Kaitlyn Dunnett/Kathy Lynn Emerson here, today ruminating about a very peculiar thing that’s happened at our house. As regular readers of this blog know, I haven’t been writing anything new lately, both because I am not currently under contract anywhere and because I’ve been busy editing a three-volume collection of all the novels and short stories in my historical Face Down series. As a result, my muse was also taking a break.
Apparently, she got bored. She abandoned my first floor office for a more congenial location one flight up.
It took me a while to notice. When I first conceived the idea of publishing The Valentine Veilleux Mysteries, three short stories and a novella, as an original e-book and a print-on-demand trade paperback, I wasn’t sure I wanted to bring out such a short book. One possible solution was combine that short fiction with the stories my husband had written about Bobby Wing, an eccentric Mainer who encounters mystery and murder in Dallas Plantation, a real place in the county where we live. There were five stories extant at that time. Two of them (“Devious Doings in Dallas” and “Daybreak Dismay in Dallas”) had been published in collections of Best New England Crime Stories (Red Dawn, 2015 and Windward, 2016).
After we talked, Sandy decided he’d like to make some changes before publishing anything else. For one thing, he wanted to switch the stories to a fictional setting, which would necessitate changing all the titles. He also had an idea for a new story. I moved on with what I was doing. It wasn’t until a few weeks later that I noticed that he was spending a lot more time than usual in his second-floor office. Turned out he was busily revising and rearranging the order of the stories he’d already written and had started to write more.
He has a new goal in mind—a novel-length book made up of connected short mysteries. The next thing I knew, he was spending hours at a time doing new writing. Even before he finished the story he’d been working on, he had an idea for an entirely new one. All in one day, he wrote the rough draft, revised it by hand that evening in front of the TV, and went back into his office for another three-hour session at the computer to input changes and make new ones. The other day he asked me if there was any way to make the muse shut up. Seems she woke him several times during the night, forcing him to get up and write down ideas before he forgot them. I sympathized, but had to tell him that there is no known way to silence a determined muse. He’s accepted that now. On Monday of this week, when he went skiing at Saddleback, he spent his lunch break sending e-mails to himself so he’d remember ideas that came to him while he was on the slopes.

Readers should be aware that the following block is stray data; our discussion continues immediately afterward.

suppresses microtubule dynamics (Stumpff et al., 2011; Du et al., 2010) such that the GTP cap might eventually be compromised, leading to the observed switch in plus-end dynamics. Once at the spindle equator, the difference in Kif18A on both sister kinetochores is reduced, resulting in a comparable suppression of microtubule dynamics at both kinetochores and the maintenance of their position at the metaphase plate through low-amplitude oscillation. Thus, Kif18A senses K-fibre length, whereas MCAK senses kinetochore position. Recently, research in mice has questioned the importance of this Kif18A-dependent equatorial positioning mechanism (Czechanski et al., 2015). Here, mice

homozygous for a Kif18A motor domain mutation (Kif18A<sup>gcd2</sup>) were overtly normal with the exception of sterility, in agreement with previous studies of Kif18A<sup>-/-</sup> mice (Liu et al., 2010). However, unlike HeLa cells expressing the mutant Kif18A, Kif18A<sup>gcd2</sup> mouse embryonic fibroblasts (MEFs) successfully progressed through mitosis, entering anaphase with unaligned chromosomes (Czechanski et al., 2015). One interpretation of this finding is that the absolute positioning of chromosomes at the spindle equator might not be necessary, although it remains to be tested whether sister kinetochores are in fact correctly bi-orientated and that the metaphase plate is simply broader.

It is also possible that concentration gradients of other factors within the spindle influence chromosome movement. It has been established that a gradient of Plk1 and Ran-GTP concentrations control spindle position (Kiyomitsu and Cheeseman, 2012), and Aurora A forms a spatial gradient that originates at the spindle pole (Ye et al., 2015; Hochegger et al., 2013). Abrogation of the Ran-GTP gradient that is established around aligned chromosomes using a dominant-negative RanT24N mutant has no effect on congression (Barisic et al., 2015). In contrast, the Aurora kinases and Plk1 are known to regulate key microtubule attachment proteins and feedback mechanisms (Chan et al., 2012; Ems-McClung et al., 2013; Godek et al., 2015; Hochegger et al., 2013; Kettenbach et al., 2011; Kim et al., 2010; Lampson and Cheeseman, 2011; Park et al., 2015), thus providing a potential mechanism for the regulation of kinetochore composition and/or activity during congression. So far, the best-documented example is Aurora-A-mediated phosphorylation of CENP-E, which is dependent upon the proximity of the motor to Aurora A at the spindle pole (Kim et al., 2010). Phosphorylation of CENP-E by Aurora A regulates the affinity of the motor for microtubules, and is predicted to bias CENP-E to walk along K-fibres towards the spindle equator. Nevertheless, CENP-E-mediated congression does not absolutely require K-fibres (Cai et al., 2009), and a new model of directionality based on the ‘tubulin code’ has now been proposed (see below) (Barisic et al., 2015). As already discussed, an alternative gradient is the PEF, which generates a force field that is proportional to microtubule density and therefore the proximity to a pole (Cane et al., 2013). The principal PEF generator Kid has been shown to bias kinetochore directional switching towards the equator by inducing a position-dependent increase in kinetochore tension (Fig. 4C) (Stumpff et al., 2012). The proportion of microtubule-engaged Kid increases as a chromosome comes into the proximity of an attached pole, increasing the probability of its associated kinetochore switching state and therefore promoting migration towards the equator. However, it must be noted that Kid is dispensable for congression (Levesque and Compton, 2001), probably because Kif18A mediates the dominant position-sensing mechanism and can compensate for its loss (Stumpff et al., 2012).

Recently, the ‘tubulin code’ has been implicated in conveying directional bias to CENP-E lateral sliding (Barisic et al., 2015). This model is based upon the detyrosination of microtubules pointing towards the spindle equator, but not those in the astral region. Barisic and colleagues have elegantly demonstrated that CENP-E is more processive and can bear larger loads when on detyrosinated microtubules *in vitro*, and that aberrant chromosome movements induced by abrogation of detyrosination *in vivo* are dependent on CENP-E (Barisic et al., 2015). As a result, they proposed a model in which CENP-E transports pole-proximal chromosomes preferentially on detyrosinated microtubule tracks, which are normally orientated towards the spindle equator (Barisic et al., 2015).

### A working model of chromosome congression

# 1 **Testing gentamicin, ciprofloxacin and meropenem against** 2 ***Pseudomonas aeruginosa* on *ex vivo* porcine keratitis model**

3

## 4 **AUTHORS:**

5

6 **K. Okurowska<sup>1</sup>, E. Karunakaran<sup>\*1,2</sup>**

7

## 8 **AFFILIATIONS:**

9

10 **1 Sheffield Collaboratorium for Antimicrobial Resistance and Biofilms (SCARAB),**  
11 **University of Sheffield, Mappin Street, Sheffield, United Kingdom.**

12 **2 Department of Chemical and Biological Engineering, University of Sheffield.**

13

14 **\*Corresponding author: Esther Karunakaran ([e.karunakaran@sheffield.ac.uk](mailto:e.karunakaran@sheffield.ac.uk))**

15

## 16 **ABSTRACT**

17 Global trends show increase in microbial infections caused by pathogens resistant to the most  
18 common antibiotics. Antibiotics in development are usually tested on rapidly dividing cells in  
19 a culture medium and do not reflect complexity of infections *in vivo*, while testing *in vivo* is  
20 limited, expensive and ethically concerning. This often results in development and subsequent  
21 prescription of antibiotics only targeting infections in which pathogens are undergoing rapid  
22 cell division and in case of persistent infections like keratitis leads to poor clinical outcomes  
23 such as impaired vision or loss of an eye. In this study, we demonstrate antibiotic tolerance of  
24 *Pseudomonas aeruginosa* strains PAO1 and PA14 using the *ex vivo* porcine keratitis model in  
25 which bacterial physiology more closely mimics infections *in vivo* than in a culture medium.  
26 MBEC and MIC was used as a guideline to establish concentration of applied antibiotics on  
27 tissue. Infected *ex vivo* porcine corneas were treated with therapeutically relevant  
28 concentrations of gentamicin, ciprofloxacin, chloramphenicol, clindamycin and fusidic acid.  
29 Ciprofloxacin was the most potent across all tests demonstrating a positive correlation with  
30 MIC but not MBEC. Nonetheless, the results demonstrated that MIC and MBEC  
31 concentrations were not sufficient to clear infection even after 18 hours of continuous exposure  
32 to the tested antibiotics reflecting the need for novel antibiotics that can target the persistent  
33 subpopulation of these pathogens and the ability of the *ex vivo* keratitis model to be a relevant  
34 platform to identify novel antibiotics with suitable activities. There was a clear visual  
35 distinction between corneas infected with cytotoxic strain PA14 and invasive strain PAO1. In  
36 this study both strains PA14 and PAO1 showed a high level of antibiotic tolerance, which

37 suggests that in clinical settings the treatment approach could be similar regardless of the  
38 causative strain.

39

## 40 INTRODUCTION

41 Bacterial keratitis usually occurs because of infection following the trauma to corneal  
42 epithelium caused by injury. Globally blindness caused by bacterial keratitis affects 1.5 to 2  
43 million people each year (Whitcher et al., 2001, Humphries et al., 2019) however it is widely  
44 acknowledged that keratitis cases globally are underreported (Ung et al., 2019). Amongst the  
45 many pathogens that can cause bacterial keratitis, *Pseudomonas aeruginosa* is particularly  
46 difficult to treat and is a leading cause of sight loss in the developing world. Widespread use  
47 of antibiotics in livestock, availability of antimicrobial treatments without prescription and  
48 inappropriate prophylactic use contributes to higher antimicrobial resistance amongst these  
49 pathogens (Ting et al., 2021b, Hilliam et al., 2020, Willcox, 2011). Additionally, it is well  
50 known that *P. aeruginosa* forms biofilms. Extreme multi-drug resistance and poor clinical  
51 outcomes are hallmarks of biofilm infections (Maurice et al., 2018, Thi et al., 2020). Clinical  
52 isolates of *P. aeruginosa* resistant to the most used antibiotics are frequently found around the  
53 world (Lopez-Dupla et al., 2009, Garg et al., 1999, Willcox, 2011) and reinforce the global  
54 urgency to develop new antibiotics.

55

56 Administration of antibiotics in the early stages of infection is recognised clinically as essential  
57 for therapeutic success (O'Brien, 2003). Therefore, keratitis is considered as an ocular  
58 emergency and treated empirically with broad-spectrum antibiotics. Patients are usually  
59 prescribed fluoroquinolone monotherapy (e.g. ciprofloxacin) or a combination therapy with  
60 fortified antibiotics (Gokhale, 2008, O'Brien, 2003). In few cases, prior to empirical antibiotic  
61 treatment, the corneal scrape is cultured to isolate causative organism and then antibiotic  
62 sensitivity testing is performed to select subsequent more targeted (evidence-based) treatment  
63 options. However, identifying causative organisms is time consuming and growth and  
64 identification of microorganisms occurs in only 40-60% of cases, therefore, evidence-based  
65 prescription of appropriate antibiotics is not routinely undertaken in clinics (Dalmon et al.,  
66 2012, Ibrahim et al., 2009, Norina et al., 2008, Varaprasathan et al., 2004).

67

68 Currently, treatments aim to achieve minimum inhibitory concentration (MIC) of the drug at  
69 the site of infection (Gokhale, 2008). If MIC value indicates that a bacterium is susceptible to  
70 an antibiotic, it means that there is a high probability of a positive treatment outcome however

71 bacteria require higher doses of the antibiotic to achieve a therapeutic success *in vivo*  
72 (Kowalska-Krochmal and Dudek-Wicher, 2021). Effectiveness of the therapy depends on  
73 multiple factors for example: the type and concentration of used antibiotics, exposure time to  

There is no escape. The muse has well and truly attached herself to him. Since I’m happily occupied with my own projects, neither of us really has any complaints, although I do find it a bit disconcerting that he’s named the muse. He calls her “Kaitlyn.”
Kathy Lynn Emerson/Kaitlyn Dunnett has had sixty-four books traditionally published and h self published others, including several children’s books. She won the Agatha Award and was an Anthony and Macavity finalist for best mystery nonfiction of 2008 for How to Write Killer Historical Mysteries and was an Agatha Award finalist in 2015 in the best mystery short story category. She was the Malice Domestic Guest of Honor in 2014. Her most recent publications are The Valentine Veilleux Mysteries (a collection of three short stories and a novella, written as Kaitlyn) and I Kill People for a Living: A Collection of Essays by a Writer of Cozy Mysteries (written as Kathy). She maintains websites at www.KaitlynDunnett.com and www.KathyLynnEmerson.com. A third, at A Who’s Who of Tudor Women, is the gateway to over 2300 mini-biographies of sixteenth-century Englishwomen.